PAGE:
1 cup castor sugar
750ml vodka (Absolut is best!)

1. Wash strawberries and shake to remove excess water.

2. Cut off green tops, slice in half and place in a 1.5 litre wide mouth jar - a Luminarc preserving jar is ideal.

3. When bottom of jar is covered with strawberries, sprinkle one third of the castor sugar over them. Then repeat layering fruit and sugar untiljar is full.

4. Pour the vodka into the jar, ensuring the strawberries are fully covered. Seal the jar and rotate several times to dissolve sugar. Retain the empty vodka bottle to decant the liqueur back into later.

5. Place sealed jar in cool, dark cupboard and leave for three months! Check daily during in the first week, turning the jar to continue dissolving the sugar.  The alcohol will leech the colour from the strawberry skins, taking on a rich pink by the fourth or fifth day.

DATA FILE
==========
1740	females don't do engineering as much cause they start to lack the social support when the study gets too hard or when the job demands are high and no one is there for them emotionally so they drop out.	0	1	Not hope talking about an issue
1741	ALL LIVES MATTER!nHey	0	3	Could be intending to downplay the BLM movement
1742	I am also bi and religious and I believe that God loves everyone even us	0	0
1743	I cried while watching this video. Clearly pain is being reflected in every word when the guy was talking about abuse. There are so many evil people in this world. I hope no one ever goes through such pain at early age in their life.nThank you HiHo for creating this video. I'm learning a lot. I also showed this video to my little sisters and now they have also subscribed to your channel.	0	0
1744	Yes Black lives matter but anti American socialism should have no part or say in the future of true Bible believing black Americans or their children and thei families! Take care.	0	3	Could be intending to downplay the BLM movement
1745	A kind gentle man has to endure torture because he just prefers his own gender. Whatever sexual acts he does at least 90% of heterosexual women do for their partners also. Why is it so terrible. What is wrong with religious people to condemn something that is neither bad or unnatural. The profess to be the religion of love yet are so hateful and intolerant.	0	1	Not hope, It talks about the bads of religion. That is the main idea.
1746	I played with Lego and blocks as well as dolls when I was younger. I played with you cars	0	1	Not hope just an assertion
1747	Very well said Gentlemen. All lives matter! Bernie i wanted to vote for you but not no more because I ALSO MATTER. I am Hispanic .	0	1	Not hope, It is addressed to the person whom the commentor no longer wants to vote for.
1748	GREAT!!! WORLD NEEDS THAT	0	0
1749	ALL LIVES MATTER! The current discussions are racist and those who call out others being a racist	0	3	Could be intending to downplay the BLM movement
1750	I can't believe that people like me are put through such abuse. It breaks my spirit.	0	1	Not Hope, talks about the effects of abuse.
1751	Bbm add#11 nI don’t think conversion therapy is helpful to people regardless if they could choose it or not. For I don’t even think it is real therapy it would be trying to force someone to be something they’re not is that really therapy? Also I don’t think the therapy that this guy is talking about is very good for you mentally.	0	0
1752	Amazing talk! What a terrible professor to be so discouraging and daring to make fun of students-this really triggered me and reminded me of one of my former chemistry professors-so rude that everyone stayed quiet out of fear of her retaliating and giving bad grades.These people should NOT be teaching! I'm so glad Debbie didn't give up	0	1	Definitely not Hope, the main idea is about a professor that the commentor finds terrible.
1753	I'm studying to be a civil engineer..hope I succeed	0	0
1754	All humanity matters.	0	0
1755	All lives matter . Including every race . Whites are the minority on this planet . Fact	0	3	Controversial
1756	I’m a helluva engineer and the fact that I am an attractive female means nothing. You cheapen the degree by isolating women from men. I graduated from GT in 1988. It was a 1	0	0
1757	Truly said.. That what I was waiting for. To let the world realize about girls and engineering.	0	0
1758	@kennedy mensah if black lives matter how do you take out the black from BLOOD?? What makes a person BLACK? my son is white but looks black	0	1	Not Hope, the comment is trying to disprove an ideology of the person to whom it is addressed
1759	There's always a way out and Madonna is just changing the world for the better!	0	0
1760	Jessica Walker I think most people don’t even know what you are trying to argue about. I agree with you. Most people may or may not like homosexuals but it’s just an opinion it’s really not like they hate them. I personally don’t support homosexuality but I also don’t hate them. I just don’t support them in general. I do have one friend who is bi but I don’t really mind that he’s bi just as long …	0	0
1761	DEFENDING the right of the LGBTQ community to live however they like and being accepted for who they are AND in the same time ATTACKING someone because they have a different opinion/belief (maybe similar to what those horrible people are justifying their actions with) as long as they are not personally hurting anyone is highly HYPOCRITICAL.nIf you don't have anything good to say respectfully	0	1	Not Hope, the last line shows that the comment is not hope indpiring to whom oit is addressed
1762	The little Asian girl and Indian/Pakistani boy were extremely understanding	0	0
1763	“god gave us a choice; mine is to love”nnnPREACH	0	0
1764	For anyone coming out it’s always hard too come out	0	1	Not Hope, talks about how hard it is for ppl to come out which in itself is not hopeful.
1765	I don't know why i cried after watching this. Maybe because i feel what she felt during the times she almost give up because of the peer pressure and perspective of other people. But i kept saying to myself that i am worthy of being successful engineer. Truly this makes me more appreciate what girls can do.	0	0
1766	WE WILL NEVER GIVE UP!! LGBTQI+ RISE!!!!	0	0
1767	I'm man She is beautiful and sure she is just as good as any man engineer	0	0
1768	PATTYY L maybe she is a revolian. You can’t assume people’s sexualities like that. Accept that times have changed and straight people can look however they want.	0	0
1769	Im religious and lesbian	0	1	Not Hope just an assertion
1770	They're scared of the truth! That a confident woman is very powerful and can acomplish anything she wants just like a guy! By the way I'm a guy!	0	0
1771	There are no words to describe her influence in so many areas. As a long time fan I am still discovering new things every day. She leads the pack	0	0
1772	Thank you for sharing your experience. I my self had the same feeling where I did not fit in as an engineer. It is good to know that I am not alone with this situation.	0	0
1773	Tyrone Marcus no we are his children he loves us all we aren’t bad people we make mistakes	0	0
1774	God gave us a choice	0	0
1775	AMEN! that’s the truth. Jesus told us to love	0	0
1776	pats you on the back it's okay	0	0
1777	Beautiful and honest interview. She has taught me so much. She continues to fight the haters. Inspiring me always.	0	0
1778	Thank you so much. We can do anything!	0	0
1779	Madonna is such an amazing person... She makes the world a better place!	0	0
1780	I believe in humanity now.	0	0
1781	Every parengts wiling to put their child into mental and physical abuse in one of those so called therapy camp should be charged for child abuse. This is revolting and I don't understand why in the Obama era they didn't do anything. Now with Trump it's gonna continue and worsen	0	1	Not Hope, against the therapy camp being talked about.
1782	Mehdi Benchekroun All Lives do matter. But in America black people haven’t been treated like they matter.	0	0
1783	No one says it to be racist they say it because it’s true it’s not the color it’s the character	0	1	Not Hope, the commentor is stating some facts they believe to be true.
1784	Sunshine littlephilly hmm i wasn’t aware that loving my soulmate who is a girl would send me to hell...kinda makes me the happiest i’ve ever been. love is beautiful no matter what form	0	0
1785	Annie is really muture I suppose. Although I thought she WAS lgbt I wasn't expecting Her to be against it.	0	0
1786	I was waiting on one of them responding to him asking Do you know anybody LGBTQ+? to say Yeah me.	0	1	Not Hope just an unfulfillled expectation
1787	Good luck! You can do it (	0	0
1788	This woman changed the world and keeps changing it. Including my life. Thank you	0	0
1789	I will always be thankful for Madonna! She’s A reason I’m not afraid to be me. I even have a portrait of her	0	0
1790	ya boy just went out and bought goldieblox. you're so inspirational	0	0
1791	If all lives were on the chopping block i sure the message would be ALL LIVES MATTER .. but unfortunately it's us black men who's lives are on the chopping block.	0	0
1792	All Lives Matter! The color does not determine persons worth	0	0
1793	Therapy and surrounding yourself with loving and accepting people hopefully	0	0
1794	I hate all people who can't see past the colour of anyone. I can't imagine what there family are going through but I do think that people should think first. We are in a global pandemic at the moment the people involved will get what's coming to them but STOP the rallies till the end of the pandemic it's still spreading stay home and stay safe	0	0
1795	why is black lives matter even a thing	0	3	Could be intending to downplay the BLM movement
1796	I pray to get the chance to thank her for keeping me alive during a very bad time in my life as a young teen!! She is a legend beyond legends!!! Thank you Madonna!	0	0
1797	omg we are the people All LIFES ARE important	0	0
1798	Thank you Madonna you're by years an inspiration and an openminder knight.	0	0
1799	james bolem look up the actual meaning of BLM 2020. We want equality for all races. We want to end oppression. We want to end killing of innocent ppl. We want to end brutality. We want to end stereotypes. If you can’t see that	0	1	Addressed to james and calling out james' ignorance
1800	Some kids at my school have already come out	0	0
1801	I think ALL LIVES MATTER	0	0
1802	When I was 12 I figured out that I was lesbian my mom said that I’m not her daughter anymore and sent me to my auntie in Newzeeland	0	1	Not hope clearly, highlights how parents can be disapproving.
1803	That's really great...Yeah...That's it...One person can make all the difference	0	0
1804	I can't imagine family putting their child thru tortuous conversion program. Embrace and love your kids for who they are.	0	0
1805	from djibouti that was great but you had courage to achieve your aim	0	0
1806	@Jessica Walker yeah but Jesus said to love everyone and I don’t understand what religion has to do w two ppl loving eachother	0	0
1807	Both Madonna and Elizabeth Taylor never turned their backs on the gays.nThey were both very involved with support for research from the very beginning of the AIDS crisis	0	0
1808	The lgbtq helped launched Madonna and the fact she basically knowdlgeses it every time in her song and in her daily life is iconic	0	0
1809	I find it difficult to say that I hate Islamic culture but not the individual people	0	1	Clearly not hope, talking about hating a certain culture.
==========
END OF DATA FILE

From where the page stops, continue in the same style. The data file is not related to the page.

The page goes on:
6. At the end of the first week, taste liqueur to check the sweetness. If the flavour is predominantly vodka-ish, add one or two more tablespoons of castor sugar. Rotate jar until sugar dissolves. Then place back in cupboard and forget about it!

7. Retrieve jar from cupboard after three months. Remove fruit and prepare liqueur for filtration. Position a plastic funnel lined with a clean piece of muslin over a large, sterile glass jug.  Slowly pour contents of the jar into funnel. This may take several goes. Remove the fruit from the funnel on each round to make way for the next.  Don't hurry!

8. Once all the liqueur is transferred from the jar to the jug, place the jug in front of a window and examine for any impurities - look for strawberry seeds or fibres off the skin. If liqueur is free of debris, it's time to bottle!

9. Place clean funnel in mouth of Absolut bottle and slowly pour liqueur in! Now it's time to drink! You can serve your strawberry liqueur on its own in dessert wine glasses, or serve it suspended with fresh cream in a shot glass. Or, place 60ml of liqueur and 60ml of cream in blender half filled with ic.  Blend until smooth. Enjoy!

Fried Tofu